A famous example from the 1980s is the Therac-25 computer-controlled radiation therapy machine. It had numerous software issues, including race conditions, which caused massive overdoses of radiation on at least six occasions. This is an extreme example, but even a well-designed system can occasionally trigger untested execution patterns and produce errors that are nearly impossible to reproduce through static code analysis.

Higher- and Lower-Priority Tasks

Let’s look at another dynamic runtime error that would be all but impossible to detect through code inspection. It’s a fundamental property of an RTOS that higher-priority tasks execute before lower-priority tasks. Low-priority tasks are suspended when a high-priority task knocks on the door and asks for the CPU. Yet, under certain circumstances, the reverse can happen: A high-priority task is forced to wait for a lower-priority task. This problem is known as priority inversion (Fig. 4).

Semaphores are sometimes used to synchronize access to a shared resource. When a task enters a critical section to access globally shared resources, it tries to “take” the semaphore. If the semaphore is already taken, meaning another task is executing the critical section, the RTOS kernel will suspend the task until the other task releases the semaphore.

This relatively common pattern creates a potential problem where a low-priority task holding the semaphore can be preempted by an unrelated medium-priority task. Then all tasks waiting for the semaphore are delayed, even higher-priority tasks. Consequently, a high-priority task must wait for a lower-priority task—in other words, priority inversion.

One high-profile case where a priority inversion caused problems occurred on a NASA spacecraft (Fig. 5). During the Pathfinder mission to Mars in 1997, NASA engineers had overlooked a priority-inversion problem: More than occasionally, a long-running task could block a high-priority task from executing, which then caused a watchdog timer to expire. This resulted in a total system reset during the mission—though the NASA engineers managed to solve the issue in a few days. They were able to reproduce the circumstances on Earth, on a copy of the system, while tracing the system execution and eventually located the problem.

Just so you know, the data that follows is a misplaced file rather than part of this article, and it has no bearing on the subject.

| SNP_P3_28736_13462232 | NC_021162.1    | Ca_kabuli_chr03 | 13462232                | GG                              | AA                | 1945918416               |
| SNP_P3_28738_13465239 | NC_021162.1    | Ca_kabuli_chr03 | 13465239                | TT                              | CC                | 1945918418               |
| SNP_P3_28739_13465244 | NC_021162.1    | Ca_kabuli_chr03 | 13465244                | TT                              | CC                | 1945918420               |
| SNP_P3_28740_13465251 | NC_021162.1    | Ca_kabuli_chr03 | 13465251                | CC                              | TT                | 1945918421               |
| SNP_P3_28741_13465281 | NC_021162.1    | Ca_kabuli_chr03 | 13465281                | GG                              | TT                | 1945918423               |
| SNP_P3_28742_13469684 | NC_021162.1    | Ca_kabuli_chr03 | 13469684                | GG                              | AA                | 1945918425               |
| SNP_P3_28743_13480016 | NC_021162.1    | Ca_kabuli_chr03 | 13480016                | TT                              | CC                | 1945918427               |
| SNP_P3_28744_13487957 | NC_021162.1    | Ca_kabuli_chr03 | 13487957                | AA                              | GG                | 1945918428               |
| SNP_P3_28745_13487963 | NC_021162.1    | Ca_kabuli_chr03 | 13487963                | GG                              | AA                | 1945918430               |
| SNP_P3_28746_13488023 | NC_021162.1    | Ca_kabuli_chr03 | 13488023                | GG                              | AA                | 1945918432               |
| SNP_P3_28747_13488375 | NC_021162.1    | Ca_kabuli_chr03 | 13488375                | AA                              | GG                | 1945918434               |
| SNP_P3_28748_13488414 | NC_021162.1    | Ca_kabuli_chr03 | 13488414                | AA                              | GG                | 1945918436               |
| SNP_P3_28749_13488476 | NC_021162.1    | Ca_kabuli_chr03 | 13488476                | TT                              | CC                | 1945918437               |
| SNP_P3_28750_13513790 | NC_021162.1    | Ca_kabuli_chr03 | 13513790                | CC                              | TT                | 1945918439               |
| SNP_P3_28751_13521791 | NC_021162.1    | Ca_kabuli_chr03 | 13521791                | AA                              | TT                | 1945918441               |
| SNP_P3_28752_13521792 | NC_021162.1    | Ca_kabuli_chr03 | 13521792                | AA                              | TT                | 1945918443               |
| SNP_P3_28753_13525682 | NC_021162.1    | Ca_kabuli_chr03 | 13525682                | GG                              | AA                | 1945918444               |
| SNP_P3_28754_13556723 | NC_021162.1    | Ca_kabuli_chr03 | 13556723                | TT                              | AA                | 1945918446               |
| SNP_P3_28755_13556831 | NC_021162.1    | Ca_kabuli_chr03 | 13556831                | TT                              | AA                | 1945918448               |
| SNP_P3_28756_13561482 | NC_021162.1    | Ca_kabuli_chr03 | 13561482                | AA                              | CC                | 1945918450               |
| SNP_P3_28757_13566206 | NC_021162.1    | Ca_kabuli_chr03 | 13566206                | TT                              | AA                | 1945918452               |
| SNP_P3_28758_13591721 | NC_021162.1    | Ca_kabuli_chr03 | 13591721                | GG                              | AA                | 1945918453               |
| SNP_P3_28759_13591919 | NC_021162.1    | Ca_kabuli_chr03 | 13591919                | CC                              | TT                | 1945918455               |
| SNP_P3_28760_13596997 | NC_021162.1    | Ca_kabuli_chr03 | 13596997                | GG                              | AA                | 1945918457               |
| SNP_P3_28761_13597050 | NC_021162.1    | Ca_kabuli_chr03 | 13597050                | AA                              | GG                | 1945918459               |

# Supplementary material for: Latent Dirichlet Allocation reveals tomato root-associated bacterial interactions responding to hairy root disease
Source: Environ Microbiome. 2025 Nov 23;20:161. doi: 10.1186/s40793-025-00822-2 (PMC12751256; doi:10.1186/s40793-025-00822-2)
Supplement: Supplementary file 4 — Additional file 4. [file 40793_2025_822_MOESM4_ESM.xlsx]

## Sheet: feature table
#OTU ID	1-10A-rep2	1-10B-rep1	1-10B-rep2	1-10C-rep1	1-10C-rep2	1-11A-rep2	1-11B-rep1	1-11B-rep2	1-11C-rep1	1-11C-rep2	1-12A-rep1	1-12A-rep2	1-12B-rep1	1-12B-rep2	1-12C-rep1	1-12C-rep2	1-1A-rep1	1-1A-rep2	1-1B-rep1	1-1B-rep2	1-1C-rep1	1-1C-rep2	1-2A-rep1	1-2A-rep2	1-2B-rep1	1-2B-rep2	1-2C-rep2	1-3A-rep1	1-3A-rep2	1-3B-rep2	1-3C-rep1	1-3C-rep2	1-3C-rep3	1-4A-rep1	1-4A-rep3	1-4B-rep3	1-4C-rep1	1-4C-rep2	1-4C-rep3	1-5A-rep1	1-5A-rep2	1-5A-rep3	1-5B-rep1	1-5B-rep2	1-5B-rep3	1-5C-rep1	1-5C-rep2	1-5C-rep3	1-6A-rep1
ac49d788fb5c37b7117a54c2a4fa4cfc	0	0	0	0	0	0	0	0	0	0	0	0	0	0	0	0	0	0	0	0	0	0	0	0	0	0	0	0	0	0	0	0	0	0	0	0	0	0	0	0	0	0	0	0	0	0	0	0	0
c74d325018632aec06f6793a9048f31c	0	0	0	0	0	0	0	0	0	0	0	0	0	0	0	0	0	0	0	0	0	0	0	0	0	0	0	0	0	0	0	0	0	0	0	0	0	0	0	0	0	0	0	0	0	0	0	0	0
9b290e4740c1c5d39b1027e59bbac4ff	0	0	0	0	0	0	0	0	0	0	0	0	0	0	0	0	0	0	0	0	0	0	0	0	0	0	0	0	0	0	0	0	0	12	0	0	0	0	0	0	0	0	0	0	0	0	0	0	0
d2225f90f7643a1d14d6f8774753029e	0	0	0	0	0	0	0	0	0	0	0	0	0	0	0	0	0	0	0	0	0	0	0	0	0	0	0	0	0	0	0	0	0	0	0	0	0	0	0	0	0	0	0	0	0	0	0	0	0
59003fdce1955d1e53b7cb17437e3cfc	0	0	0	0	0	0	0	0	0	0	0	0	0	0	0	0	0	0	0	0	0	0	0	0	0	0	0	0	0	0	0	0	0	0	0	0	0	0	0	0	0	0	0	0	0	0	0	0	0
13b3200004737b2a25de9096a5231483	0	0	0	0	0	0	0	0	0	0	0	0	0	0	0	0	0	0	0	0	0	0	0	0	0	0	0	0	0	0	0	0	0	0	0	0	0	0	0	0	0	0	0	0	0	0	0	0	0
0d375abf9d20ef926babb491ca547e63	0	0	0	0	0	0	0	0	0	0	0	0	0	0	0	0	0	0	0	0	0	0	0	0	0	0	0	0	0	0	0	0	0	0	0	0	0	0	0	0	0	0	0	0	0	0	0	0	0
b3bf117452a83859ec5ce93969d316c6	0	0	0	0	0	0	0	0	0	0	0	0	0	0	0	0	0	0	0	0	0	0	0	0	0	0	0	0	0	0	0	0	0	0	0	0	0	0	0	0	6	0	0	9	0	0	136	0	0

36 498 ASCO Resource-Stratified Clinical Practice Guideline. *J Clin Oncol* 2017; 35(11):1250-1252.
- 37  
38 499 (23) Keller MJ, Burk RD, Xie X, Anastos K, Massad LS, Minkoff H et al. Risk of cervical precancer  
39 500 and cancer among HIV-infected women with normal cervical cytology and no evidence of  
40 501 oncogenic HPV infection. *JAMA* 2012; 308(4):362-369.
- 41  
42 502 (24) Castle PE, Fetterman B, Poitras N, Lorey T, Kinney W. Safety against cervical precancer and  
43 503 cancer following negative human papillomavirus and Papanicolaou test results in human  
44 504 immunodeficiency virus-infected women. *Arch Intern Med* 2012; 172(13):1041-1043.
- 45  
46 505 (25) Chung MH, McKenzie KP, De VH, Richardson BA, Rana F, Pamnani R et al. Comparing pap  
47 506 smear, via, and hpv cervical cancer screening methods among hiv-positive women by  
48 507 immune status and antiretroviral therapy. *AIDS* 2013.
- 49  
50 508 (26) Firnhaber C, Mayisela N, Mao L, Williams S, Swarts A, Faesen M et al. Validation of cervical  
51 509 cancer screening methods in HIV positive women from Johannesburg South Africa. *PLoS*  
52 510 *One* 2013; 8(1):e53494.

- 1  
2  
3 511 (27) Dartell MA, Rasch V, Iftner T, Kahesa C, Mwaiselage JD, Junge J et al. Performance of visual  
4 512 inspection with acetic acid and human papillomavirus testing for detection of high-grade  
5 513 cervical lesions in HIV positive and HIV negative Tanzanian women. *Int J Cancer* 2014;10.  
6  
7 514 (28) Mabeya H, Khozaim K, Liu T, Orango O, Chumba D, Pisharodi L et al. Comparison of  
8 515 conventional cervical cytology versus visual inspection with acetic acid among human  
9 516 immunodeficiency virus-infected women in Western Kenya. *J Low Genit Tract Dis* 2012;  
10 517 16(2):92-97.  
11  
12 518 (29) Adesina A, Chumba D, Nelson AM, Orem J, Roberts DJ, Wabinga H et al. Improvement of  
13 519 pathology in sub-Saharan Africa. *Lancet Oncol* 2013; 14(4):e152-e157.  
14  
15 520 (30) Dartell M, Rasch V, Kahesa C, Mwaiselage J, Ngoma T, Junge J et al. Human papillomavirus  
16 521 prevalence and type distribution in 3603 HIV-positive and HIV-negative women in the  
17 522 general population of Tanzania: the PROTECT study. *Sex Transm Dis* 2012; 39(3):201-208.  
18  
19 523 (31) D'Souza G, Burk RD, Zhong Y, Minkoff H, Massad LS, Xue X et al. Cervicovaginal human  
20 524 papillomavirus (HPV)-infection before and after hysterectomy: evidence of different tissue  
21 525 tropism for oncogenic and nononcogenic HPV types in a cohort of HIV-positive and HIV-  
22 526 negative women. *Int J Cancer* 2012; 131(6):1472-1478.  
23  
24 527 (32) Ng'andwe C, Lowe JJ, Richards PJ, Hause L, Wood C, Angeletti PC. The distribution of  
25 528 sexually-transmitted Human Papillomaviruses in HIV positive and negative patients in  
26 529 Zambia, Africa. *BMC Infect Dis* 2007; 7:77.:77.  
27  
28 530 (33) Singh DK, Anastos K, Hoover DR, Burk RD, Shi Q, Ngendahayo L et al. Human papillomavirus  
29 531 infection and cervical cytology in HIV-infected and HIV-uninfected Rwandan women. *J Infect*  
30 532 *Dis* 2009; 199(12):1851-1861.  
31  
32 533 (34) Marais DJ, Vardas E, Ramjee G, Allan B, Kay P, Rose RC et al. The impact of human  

Priority Inheritance

An RTOS feature known as priority inheritance can be used to avoid priority inversions. Inheritance temporarily raises the scheduling priority of the task holding the resource to the same level as the waiting task, which avoids preemptions by middle-priority tasks. This is often provided by mutex objects, which are similar to semaphores but specifically intended for mutual exclusion.

When a high-priority task attempts to take a mutex, it’s still blocked until the holding task releases it. But during this time, the holding low-priority task inherits the priority of the waiting high-priority task. This means a middle-priority task can’t preempt the running task until after it has finished the critical section and released the mutex.

The priority changes can be seen clearly in Figure 6. Without priority inheritance, the middle fragment of the low-priority task wouldn’t have executed (and released the resource) until after the middle-priority task had completed.

To avoid such problems, many real-time operating systems provide mutex objects where priority inheritance is enabled by default. In the Pathfinder case, the priority inheritance was an option when creating the mutex and the NASA engineers had decided to switch it off to make the mutex operations a bit faster. Apparently, this wasn’t a great idea.

So, using mutexes with priority inheritance to protect critical sections of code, rather than semaphores, can be useful to avoid priority-inversion problems. They may, however, still occur when other shared resources (e.g., message queues) are blocking the execution.

Trace tools such as Tracealyzer provide detailed analysis of a system in operation. Thus, developers can see how tasks are running and how they’re interacting, helping them to identify elusive runtime issues such as priority inversions and thereby enhancing system reliability.

About the Author

Dr. Johan Kraft | CEO/Founder

Dr. Johan Kraft is CEO and founder of Percepio AB. Dr. Kraft is the original developer of Percepio Tracealyzer, a tool for visual trace diagnostics that provides insight into runtime systems to accelerate embedded software development. His applied academic research, in collaboration with industry, focused on embedded software timing analysis. Prior to founding Percepio in 2009, he worked in embedded software development at ABB Robotics. Dr. Kraft holds a PhD in computer science.